I think Djokovic will redeem himself, perhaps even play with real purpose, renewed passion and focus at RG 2017. Agassi is an engaging guy, a great tennis mind and one hell of a fighter, so he should be able to give Djokovic a real boost in tennis motivation and its related execution.

Agassi fought and won many battles against seemingly more athletically gifted players. Though as talented as many of his peers, he often seemingly played the underdog role;

DArfUC-W0AA3Igp.jpg large

he dominated stretches of his career, beat guys like McEnroe, Becker and Sampras enough to enter the great pantheon of the sport. But most of us in our mind’s eye probably see him standing next to Pete, holding the runner-up trophy, definitively subordinate to Pete’s indomitable rule of that particular era.

Djokovic finds himself in a similar predicament, playing the underdog, looking up, despite whatever his gang of fans want to proclaim.

The Djokovic support groups (NoleFam, FanGirls, FanBoys, BlogBags, et al.) have taken this particular period of the Serb’s career to really bolster their cause of elevating him above the rest of tennis history. From sound bites, to saber metrics, the congregation has upped the ante of their idolatry by solidifying their position that Nole rules them all despite the fact that he’s in the midst of a mid-life crisis.

I have to hand it to them: there is no better way to show one’s support than to bleed the fanatic’s blood in the face of seeming decline.

The Serb himself told CNN recently, published in an article yesterday: “I am experiencing a little bit of a crisis, if you want to call it that” (CNN).

Sorry: here I go again. I called crisis after his U.S. Open loss through which he had the easiest draw since my kid’s 3rd grade two-square tournament at recess. He looked beaten, utterly weathered and at wit’s end despite getting 2-3 W/O, a match retirement or two and then having the honor of facing a disgraceful Monfils in a major SF. He was sacked by the Stanimal decisively in the final. The decline continued through to the WTF where he lost to Murray, lost his #1 ranking and any and all control of his ATP stewardship.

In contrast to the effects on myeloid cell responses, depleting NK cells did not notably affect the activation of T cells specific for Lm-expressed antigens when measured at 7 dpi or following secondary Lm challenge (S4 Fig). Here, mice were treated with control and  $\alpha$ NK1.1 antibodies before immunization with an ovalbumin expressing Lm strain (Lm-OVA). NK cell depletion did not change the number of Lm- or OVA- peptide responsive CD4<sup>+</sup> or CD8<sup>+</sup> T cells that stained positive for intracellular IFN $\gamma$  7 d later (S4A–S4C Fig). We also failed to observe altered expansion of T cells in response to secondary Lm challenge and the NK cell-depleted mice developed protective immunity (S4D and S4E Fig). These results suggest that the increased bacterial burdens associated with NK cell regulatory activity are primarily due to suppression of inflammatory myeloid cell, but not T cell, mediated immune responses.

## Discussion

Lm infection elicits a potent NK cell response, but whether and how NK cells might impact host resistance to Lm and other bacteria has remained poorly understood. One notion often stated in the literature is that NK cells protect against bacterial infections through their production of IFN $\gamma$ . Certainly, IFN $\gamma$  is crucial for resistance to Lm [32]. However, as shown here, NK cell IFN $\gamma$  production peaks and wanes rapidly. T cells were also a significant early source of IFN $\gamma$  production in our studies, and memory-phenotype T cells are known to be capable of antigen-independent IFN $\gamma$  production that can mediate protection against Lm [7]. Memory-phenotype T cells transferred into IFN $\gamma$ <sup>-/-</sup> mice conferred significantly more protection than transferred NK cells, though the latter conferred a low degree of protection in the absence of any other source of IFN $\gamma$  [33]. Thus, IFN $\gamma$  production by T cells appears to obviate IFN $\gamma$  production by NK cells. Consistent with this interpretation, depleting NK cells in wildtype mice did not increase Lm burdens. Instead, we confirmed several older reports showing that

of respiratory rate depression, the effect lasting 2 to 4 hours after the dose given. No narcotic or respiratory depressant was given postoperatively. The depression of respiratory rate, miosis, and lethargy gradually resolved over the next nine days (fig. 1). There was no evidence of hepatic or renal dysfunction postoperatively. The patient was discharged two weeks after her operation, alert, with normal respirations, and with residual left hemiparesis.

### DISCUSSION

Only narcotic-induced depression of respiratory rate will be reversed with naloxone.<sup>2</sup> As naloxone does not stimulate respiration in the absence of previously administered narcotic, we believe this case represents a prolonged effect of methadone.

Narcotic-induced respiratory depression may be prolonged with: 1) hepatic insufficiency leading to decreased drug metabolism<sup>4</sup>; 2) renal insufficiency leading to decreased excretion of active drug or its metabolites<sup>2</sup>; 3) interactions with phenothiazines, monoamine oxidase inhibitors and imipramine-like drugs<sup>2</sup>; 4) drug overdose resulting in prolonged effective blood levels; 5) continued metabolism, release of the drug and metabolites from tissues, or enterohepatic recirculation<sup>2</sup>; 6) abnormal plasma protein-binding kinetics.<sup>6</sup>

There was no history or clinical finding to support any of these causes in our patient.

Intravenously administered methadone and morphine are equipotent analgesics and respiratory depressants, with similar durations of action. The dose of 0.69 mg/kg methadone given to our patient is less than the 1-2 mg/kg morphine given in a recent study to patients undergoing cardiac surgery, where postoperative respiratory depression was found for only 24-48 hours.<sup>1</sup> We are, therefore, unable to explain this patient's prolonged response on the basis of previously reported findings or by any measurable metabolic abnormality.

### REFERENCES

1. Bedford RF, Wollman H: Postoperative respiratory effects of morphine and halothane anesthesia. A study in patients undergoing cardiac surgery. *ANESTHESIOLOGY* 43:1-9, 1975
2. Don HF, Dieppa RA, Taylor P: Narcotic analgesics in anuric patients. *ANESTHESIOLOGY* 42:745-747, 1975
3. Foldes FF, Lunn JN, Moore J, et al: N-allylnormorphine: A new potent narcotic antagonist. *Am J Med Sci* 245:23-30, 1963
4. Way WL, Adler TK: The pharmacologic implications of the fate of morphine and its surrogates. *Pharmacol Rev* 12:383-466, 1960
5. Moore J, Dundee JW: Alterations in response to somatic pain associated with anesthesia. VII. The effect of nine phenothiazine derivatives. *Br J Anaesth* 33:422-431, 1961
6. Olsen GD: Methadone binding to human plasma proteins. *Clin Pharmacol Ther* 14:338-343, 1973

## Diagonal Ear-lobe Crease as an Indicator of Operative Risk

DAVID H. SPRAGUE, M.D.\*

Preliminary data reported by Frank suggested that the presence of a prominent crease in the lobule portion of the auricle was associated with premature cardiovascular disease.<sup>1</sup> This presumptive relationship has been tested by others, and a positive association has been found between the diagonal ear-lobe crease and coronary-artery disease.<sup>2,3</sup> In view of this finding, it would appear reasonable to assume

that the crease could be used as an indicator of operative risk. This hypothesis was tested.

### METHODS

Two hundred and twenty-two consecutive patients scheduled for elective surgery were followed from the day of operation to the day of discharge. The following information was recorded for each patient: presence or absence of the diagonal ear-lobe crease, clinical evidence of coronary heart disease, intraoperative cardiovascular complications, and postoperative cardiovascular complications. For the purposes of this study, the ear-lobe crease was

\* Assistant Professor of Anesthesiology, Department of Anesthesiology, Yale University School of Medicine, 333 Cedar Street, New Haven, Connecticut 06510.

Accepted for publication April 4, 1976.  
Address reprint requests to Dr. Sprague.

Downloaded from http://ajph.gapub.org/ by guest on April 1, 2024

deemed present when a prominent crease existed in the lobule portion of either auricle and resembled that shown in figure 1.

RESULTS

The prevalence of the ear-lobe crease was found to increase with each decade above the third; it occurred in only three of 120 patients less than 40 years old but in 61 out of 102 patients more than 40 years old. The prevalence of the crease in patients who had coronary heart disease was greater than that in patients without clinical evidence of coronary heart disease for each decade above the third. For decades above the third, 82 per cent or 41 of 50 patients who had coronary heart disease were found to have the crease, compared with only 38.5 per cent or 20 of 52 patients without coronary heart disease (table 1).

Djokovic hasn’t been his dominant ’15-’16 self since about a year ago (my team of forensic anthropologists have traced the emergency back to the finals of the 2016 FO). His Dubai title in January was misread; his 2R collapse in Melbourne was pretty predictable, etc., etc.

The mob cried rigged draws (Acapulco and IW) when all along he was struggling and actually running into a surging Kyrgios.

The mob began picking-up steam with efforts from Twitterland from a big FanGirl whose statistical analysis declared Novak the best because he has faced tougher draws at Masters and Majors than Fedal, and that the French draws through the years have been rigged against Nole. Another marvel of professionalism declared Djokovic the best all-around player based on his accomplishments across the different surfaces. There are more of these sorts of statistical renderings aimed at elevating Djokovic, whose career, imho, does not need such dramatic and practically contrived research to justify his legacy. Just recently there appeared another “argument” that at 30 years of age, Novak appears, based on some numbers scratched-out on a napkin, to be the GOAT.

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Needlesstosay, this lacks all kinds of historical perspective and context. Indeed, this is presentism running around with his head cut off.

So, I have to ask you as I’ve asked myself: why this surge of “evidence” to support Djokovic’s GOAT candidacy in the face of a year-long slump?  I guess the logic is right there, as a kind of defense mechanism. What better time to support and celebrate someone than when he’she is down.

The timing is interesting and I will still ask why such an effort is being made by, practically, an entire community?

With a player of Djokovic’s magnitude experiencing a slump like this, still relatively young at 30, why not wait patiently for him to return to form? This return could, believe it or not, be as soon as next week when the balls are tossed at RG.

Let me give you my answer to this question of timing.

First, Novak is not “only 30,” “which is the new 25,” something I’ve heard the likes of Brad Gilbert proclaim. We’ve all gone over this before: even if for the first time in ATP history the top-5 are all over 30, or that 30+ year-olds have won the last two majors (Stan and Roger) and that more and more 30+ are playing with viability (F. Lopez, Karlovich, et al.), this age is still a harbinger of decline. Agassi himself seems to have had this late, post 30 run at the majors, but he only won 2 after he turned 30 (which is incredible, actually).